In this case here, I can open the part again, take a look at it. And inside of that sketch, you can see, again, I've got that three inch dimension here, defining the outside of the part, and everything else looks pretty standard. Okay, now is the tricky part. Instead of opening these parts individually, let's go ahead and open them them in context to the assembly. So this case, here, I want to change this part, based upon this part. So, right next to where I'd normally choose Open, I can also say Edit Part. As soon as I do that in the assembly, what happens is the original part over here, the jar turns clear transparent, and it shows me that I'm editing only the lid then I come down here to where the lid is take a look and notice the entire tree for that lid opens up just like we were looking at individually in the part, I can click on the revolve.
And I can open the sketch. So, the first thing's first. You need to determine where is the dimension that we want to drive from the other part. So in this case here, it's pretty simple because there's only one revolve in each part. But in this case, let's go ahead and choose sketch one and click on Edit Sketch. I'm going to click on the space bar to look normal to the part. And now, we've got this hard dimension here as three inches. What I need to do is get rid of that dimension right away. Click on that, hit Delete. And now, I have the ability to grab one of these lines and drag that out, and just double check that that's going to give you the right type of motion as the jar gets bigger, you basically want this to track, and do the exact same thing. Okay? Then instead of adding a hard dimension.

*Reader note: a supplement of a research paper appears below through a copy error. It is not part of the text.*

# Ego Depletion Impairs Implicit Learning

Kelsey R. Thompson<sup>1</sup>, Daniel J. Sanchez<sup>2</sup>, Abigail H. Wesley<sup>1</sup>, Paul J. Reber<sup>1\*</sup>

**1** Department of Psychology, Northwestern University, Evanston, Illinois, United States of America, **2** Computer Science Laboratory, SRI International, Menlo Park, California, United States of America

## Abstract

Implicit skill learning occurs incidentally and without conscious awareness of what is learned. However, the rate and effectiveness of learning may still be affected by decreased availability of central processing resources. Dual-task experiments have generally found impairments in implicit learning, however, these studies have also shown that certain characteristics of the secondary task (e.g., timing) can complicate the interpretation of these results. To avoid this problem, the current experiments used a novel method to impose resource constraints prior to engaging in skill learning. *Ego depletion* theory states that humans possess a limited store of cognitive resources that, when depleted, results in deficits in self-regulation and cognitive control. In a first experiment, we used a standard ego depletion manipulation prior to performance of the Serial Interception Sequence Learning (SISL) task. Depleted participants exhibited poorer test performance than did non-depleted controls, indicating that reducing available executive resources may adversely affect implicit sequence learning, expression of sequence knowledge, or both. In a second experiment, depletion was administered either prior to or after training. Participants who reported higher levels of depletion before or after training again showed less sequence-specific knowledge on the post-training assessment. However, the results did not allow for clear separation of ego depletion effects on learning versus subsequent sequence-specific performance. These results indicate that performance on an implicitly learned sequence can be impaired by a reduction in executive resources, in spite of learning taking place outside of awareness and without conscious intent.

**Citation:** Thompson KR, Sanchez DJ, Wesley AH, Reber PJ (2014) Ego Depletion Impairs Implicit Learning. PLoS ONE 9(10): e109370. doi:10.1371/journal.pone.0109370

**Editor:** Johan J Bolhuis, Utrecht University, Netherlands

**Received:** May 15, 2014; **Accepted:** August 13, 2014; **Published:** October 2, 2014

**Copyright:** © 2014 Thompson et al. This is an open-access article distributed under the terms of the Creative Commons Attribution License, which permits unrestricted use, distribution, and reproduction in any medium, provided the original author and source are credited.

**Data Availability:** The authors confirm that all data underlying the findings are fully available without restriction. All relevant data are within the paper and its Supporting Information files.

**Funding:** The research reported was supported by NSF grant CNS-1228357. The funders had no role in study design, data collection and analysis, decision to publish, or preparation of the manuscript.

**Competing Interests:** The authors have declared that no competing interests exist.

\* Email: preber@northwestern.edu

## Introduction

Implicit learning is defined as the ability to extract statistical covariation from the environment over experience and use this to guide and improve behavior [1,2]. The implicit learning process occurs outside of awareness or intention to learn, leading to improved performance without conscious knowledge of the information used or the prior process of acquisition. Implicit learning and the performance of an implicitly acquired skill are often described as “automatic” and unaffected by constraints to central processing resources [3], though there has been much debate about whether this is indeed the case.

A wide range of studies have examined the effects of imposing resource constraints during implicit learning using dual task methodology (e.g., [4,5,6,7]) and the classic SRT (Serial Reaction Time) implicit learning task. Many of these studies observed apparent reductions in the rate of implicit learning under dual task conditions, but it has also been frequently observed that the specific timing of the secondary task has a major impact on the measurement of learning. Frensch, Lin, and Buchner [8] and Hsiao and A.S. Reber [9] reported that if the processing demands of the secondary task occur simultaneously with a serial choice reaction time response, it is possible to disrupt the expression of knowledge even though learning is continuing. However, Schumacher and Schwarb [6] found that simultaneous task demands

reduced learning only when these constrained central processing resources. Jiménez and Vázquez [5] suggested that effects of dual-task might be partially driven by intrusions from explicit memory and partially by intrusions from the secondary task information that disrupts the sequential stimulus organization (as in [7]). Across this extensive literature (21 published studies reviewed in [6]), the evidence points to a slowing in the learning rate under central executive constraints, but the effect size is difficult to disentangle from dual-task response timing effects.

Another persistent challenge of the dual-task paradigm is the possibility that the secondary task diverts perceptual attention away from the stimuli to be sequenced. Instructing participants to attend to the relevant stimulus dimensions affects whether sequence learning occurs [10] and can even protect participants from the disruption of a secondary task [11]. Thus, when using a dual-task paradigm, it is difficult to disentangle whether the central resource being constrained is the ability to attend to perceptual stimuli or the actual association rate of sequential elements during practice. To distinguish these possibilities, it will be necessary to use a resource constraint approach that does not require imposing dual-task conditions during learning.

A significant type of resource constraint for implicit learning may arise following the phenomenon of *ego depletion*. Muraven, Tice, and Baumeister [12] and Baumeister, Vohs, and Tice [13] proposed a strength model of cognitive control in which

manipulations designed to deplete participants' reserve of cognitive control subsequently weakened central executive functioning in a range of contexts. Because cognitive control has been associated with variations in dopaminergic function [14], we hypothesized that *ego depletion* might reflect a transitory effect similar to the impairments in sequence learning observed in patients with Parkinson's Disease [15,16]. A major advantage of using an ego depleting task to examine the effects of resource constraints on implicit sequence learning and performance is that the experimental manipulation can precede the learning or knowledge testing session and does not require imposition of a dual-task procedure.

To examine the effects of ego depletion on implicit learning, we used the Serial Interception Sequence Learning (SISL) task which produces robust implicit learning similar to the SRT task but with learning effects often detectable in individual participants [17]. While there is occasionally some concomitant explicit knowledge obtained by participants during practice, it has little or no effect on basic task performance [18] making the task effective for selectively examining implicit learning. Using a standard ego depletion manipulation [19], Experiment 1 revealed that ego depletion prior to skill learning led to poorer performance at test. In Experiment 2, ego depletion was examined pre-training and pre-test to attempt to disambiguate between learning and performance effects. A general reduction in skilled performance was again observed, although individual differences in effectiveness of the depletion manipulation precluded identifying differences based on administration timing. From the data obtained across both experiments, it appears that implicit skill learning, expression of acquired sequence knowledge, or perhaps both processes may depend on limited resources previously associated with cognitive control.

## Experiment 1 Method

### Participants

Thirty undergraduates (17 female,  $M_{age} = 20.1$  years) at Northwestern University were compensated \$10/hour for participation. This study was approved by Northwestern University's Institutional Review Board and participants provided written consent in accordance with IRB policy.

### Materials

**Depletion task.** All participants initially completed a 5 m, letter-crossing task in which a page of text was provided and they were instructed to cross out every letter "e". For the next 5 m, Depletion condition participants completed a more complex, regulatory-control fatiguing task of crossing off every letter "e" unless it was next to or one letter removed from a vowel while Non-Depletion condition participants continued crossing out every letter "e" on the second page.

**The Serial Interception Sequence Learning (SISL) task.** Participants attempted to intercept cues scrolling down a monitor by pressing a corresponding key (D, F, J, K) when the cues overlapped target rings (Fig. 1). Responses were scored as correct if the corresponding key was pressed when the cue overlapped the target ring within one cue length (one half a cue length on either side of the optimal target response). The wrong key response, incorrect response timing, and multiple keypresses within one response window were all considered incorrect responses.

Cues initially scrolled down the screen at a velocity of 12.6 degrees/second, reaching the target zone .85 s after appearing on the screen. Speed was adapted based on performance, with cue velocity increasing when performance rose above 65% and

Let's put a dimension here in relationship to the base jar, and instead of the dimension, we can actually add a relationship as well. In this case here, I could take this little point or this line and make it co-incident to this line here. Let's try it out. Click on this line. Hold down Ctrl. Choose this line here. And I'll say, make co-linear. Now those two lines are going to be in line all the time and there's no hard dimension to finding it three. So if this jar gets bigger, theoretically, this lid should get bigger as well. When you're happy with your changes, go ahead and click on Exit Sketch. And you're noticing hey, the assembly didn't change at all.
What's going on here? Nothing changed. Well, here's the power. Let's go ahead and open this part now. Edit that part. Go down to that sketch. In this case here instead of the three inches, let's change it to six inches, 6.0, exit sketch. And then go back to the assembly and notice right away the lid automatically changed size to fit the exact same proportions. Auto update based upon that relationship between the two parts. Now this is only the beginning. You can make this extremely complicated, and you can have many, many different parts based upon one driving part, and you can have parts defined off of other parts and so on.
It can really get pretty complicated. But it really starts using the power of SolidWorks. External references can generate highly automated assemblies that really show the power of SolidWorks. Best practice is to have one main driving part, and have the others reference it. It is possible to create a circular reference, so make sure you think through what's driving what.